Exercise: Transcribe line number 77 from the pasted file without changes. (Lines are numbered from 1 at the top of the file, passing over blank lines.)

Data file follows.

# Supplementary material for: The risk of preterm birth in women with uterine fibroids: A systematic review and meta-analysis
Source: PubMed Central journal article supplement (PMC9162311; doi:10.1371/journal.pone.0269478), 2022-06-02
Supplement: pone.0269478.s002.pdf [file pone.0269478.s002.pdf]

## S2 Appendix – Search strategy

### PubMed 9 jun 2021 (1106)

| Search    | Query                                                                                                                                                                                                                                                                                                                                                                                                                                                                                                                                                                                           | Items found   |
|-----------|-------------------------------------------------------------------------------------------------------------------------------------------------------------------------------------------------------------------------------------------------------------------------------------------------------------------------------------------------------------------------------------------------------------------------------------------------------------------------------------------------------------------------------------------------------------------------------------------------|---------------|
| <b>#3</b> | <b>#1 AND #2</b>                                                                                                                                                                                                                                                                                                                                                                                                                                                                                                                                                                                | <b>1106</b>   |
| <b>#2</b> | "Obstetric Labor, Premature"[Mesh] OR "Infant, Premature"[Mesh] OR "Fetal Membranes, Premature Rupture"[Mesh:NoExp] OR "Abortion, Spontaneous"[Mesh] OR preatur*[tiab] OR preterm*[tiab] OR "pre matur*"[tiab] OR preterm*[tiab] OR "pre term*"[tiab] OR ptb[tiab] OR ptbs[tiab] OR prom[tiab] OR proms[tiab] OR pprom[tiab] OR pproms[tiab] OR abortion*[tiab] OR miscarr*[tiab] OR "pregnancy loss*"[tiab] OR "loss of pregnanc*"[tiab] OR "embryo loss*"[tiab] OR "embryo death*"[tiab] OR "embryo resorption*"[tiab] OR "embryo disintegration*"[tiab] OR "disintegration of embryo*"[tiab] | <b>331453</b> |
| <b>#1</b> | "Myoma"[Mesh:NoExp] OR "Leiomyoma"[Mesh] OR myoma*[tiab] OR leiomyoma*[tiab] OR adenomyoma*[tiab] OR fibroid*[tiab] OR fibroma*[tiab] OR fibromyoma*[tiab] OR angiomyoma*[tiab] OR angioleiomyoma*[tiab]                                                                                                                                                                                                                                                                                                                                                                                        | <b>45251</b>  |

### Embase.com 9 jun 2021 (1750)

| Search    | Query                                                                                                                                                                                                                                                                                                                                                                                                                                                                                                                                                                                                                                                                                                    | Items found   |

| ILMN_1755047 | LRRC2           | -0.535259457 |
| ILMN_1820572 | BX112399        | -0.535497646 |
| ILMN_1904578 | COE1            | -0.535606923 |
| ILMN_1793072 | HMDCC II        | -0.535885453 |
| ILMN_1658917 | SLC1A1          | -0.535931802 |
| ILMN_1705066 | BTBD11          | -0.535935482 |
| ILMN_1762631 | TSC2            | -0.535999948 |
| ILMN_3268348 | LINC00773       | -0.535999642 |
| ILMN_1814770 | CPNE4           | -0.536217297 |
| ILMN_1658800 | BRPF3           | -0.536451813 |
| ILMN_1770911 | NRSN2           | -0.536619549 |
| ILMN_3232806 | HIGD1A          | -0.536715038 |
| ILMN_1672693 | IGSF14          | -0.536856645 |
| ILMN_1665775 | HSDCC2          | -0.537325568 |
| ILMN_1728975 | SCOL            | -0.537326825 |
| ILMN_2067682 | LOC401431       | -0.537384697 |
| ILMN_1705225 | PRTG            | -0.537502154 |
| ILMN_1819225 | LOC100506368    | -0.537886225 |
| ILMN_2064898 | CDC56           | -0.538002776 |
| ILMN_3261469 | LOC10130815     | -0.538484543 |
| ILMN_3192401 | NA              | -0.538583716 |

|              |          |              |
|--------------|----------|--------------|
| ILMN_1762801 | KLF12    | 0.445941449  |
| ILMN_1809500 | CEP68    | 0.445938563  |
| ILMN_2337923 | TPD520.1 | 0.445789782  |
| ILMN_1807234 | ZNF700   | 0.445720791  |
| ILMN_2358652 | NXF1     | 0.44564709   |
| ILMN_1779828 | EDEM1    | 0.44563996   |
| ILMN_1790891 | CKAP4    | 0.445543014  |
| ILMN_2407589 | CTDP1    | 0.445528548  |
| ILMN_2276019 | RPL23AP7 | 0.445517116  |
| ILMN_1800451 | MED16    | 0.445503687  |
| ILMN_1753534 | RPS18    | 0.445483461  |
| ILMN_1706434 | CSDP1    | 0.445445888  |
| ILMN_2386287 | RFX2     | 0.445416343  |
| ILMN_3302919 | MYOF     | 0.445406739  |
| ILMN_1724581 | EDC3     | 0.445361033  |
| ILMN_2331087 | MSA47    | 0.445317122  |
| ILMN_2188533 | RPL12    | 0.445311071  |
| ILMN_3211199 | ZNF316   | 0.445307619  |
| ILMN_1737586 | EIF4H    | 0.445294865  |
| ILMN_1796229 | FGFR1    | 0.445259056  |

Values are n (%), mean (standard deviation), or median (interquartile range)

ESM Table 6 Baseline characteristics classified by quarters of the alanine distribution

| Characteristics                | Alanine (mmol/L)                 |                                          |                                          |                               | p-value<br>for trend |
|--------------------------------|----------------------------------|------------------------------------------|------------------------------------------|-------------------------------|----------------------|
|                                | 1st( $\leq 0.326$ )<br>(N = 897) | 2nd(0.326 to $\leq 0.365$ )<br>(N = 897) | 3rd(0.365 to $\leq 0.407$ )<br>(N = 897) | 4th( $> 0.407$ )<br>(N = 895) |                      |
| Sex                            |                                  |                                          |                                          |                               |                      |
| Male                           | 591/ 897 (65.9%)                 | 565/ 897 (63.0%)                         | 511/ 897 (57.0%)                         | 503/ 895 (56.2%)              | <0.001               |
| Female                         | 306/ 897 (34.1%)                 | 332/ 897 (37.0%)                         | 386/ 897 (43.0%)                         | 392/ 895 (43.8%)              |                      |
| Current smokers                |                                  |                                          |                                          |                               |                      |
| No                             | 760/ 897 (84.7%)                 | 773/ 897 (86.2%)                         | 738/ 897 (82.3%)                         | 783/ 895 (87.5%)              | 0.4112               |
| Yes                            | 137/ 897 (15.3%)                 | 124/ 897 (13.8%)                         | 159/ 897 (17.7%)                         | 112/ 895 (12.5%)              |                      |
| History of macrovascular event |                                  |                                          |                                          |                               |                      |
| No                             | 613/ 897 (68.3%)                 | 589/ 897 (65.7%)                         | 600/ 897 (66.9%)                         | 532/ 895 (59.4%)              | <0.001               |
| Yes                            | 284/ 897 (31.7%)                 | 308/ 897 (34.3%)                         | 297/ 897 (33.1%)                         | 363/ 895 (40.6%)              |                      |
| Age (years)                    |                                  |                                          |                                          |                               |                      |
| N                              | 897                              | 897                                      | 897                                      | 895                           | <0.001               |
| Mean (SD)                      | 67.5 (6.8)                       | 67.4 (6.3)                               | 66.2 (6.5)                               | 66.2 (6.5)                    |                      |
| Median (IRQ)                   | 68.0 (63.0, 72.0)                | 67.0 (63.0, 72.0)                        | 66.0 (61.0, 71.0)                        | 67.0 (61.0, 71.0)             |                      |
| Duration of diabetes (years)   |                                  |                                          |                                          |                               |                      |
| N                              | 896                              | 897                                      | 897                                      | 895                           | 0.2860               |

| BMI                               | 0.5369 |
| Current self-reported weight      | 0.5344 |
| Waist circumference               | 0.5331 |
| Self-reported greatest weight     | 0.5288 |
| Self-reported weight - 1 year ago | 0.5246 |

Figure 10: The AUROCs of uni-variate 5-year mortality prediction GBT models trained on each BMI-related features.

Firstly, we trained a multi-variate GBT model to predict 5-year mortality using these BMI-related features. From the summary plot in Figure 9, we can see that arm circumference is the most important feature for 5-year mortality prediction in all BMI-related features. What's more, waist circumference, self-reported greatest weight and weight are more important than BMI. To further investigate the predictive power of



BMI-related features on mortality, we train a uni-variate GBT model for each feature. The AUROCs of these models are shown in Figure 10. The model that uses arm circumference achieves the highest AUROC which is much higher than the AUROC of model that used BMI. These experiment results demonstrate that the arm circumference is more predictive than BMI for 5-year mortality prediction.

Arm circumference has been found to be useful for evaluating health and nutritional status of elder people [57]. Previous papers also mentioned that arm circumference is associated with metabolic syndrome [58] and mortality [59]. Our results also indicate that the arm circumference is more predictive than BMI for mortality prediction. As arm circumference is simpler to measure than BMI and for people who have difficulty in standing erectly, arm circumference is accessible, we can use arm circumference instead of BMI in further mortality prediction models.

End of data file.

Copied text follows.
| Current self-reported weight      | 0.5344 |